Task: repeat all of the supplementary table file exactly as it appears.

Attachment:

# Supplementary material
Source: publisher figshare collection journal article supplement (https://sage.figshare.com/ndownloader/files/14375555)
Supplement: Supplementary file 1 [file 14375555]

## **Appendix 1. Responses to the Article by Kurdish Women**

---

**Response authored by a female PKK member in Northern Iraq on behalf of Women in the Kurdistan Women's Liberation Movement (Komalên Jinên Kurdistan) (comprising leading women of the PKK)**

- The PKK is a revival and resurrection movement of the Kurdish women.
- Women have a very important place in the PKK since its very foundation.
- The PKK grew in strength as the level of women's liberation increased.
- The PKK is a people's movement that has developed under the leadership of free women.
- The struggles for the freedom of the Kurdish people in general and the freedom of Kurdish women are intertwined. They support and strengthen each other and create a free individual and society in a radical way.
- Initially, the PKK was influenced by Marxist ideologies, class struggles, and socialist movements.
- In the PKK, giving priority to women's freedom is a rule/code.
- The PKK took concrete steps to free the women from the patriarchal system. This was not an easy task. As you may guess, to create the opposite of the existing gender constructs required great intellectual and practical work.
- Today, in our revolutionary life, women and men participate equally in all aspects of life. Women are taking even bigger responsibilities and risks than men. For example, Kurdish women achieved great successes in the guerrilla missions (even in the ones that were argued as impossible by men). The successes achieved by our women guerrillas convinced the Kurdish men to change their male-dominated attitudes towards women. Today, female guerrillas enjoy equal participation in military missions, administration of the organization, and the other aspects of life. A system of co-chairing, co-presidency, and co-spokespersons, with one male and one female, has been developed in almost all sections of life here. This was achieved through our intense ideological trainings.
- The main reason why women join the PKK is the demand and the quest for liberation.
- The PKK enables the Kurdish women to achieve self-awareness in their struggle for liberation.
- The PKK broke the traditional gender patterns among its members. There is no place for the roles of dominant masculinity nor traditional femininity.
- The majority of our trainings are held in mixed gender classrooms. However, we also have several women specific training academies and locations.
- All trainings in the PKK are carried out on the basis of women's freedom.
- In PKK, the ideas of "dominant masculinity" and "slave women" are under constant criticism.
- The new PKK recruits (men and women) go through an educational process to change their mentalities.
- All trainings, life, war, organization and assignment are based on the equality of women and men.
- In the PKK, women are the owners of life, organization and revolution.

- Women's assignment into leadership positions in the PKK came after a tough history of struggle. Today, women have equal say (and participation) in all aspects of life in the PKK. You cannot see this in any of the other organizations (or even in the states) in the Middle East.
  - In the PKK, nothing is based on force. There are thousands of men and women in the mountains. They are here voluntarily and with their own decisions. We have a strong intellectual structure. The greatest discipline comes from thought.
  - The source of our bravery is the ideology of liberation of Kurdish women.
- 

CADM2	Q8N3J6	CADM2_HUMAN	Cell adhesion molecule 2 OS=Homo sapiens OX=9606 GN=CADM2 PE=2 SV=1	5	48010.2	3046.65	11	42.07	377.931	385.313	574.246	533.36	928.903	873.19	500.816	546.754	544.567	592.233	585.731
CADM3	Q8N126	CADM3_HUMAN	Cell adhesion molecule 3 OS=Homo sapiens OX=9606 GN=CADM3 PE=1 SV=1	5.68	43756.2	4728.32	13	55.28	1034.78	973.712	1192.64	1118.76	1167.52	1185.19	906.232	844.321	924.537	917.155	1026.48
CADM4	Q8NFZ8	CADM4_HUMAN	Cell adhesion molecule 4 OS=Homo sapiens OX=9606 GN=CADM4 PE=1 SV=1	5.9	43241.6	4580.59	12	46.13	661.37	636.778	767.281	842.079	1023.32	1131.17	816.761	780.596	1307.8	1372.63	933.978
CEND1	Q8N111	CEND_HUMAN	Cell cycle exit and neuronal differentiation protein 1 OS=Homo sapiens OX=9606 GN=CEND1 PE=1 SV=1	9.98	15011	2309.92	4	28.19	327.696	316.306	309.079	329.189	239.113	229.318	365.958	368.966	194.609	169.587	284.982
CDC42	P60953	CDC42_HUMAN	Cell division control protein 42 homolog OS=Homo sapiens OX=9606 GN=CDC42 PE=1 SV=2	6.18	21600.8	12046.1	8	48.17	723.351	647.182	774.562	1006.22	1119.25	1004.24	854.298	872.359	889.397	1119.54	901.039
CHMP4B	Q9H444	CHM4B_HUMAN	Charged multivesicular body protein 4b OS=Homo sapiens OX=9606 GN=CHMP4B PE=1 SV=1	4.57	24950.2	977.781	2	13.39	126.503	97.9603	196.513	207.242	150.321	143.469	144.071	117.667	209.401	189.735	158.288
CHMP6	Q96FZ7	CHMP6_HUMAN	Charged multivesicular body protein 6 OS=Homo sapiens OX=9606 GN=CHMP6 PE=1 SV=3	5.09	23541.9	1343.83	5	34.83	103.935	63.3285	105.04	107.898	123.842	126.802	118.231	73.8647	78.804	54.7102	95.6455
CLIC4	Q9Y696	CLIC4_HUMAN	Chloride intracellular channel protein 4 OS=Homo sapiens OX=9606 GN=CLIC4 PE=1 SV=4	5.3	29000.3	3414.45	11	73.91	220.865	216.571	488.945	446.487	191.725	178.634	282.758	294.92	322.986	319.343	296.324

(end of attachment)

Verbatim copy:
# Supplementary material
Source: publisher figshare collection journal article supplement (https://sage.figshare.com/ndownloader/files/14375555)
Supplement: Supplementary file 1 [file 14375555]

## **Appendix 1. Responses to the Article by Kurdish Women**

---

**Response authored by a female PKK member in Northern Iraq on behalf of Women in the Kurdistan Women's Liberation Movement (Komalên Jinên Kurdistan) (comprising leading women of the PKK)**

- The PKK is a revival and resurrection movement of the Kurdish women.
- Women have a very important place in the PKK since its very foundation.
- The PKK grew in strength as the level of women's liberation increased.
- The PKK is a people's movement that has developed under the leadership of free women.
- The struggles for the freedom of the Kurdish people in general and the freedom of Kurdish women are intertwined. They support and strengthen each other and create a free individual and society in a radical way.
- Initially, the PKK was influenced by Marxist ideologies, class struggles, and socialist movements.
- In the PKK, giving priority to women's freedom is a rule/code.
- The PKK took concrete steps to free the women from the patriarchal system. This was not an easy task. As you may guess, to create the opposite of the existing gender constructs required great intellectual and practical work.
- Today, in our revolutionary life, women and men participate equally in all aspects of life. Women are taking even bigger responsibilities and risks than men. For example, Kurdish women achieved great successes in the guerrilla missions (even in the ones that were argued as impossible by men). The successes achieved by our women guerrillas convinced the Kurdish men to change their male-dominated attitudes towards women. Today, female guerrillas enjoy equal participation in military missions, administration of the organization, and the other aspects of life. A system of co-chairing, co-presidency, and co-spokespersons, with one male and one female, has been developed in almost all sections of life here. This was achieved through our intense ideological trainings.
- The main reason why women join the PKK is the demand and the quest for liberation.
- The PKK enables the Kurdish women to achieve self-awareness in their struggle for liberation.
- The PKK broke the traditional gender patterns among its members. There is no place for the roles of dominant masculinity nor traditional femininity.
- The majority of our trainings are held in mixed gender classrooms. However, we also have several women specific training academies and locations.
- All trainings in the PKK are carried out on the basis of women's freedom.
- In PKK, the ideas of "dominant masculinity" and "slave women" are under constant criticism.
- The new PKK recruits (men and women) go through an educational process to change their mentalities.
- All trainings, life, war, organization and assignment are based on the equality of women and men.
- In the PKK, women are the owners of life, organization and revolution.

- Women's assignment into leadership positions in the PKK came after a tough history of struggle. Today, women have equal say (and participation) in all aspects of life in the PKK. You cannot see this in any of the other organizations (or even in the states) in the Middle East.
  - In the PKK, nothing is based on force. There are thousands of men and women in the mountains. They are here voluntarily and with their own decisions. We have a strong intellectual structure. The greatest discipline comes from thought.
  - The source of our bravery is the ideology of liberation of Kurdish women.
- 

CADM2	Q8N3J6	CADM2_HUMAN	Cell adhesion molecule 2 OS=Homo sapiens OX=9606 GN=CADM2 PE=2 SV=1	5	48010.2	3046.65	11	42.07	377.931	385.313	574.246	533.36	928.903	873.19	500.816	546.754	544.567	592.233	585.731
CADM3	Q8N126	CADM3_HUMAN	Cell adhesion molecule 3 OS=Homo sapiens OX=9606 GN=CADM3 PE=1 SV=1	5.68	43756.2	4728.32	13	55.28	1034.78	973.712	1192.64	1118.76	1167.52	1185.19	906.232	844.321	924.537	917.155	1026.48
CADM4	Q8NFZ8	CADM4_HUMAN	Cell adhesion molecule 4 OS=Homo sapiens OX=9606 GN=CADM4 PE=1 SV=1	5.9	43241.6	4580.59	12	46.13	661.37	636.778	767.281	842.079	1023.32	1131.17	816.761	780.596	1307.8	1372.63	933.978
CEND1	Q8N111	CEND_HUMAN	Cell cycle exit and neuronal differentiation protein 1 OS=Homo sapiens OX=9606 GN=CEND1 PE=1 SV=1	9.98	15011	2309.92	4	28.19	327.696	316.306	309.079	329.189	239.113	229.318	365.958	368.966	194.609	169.587	284.982
CDC42	P60953	CDC42_HUMAN	Cell division control protein 42 homolog OS=Homo sapiens OX=9606 GN=CDC42 PE=1 SV=2	6.18	21600.8	12046.1	8	48.17	723.351	647.182	774.562	1006.22	1119.25	1004.24	854.298	872.359	889.397	1119.54	901.039
CHMP4B	Q9H444	CHM4B_HUMAN	Charged multivesicular body protein 4b OS=Homo sapiens OX=9606 GN=CHMP4B PE=1 SV=1	4.57	24950.2	977.781	2	13.39	126.503	97.9603	196.513	207.242	150.321	143.469	144.071	117.667	209.401	189.735	158.288
CHMP6	Q96FZ7	CHMP6_HUMAN	Charged multivesicular body protein 6 OS=Homo sapiens OX=9606 GN=CHMP6 PE=1 SV=3	5.09	23541.9	1343.83	5	34.83	103.935	63.3285	105.04	107.898	123.842	126.802	118.231	73.8647	78.804	54.7102	95.6455
CLIC4	Q9Y696	CLIC4_HUMAN	Chloride intracellular channel protein 4 OS=Homo sapiens OX=9606 GN=CLIC4 PE=1 SV=4	5.3	29000.3	3414.45	11	73.91	220.865	216.571	488.945	446.487	191.725	178.634	282.758	294.92	322.986	319.343	296.324